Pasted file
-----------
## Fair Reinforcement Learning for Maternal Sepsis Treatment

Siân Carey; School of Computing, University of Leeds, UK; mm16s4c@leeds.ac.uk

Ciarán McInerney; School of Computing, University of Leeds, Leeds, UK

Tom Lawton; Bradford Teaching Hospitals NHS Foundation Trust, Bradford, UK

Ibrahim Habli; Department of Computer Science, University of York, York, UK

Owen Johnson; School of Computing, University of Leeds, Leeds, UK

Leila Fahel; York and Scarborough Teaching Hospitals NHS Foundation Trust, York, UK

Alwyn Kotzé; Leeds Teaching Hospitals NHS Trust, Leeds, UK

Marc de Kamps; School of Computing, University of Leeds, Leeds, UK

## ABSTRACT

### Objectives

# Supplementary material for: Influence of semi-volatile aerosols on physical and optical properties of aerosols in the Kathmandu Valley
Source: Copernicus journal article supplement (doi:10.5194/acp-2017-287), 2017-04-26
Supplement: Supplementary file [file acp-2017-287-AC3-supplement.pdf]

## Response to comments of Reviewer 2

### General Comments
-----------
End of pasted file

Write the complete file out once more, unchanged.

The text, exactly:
## Fair Reinforcement Learning for Maternal Sepsis Treatment

Siân Carey; School of Computing, University of Leeds, UK; mm16s4c@leeds.ac.uk

Ciarán McInerney; School of Computing, University of Leeds, Leeds, UK

Tom Lawton; Bradford Teaching Hospitals NHS Foundation Trust, Bradford, UK

Ibrahim Habli; Department of Computer Science, University of York, York, UK

Owen Johnson; School of Computing, University of Leeds, Leeds, UK

Leila Fahel; York and Scarborough Teaching Hospitals NHS Foundation Trust, York, UK

Alwyn Kotzé; Leeds Teaching Hospitals NHS Trust, Leeds, UK

Marc de Kamps; School of Computing, University of Leeds, Leeds, UK

## ABSTRACT

### Objectives

# Supplementary material for: Influence of semi-volatile aerosols on physical and optical properties of aerosols in the Kathmandu Valley
Source: Copernicus journal article supplement (doi:10.5194/acp-2017-287), 2017-04-26
Supplement: Supplementary file [file acp-2017-287-AC3-supplement.pdf]

## Response to comments of Reviewer 2

### General Comments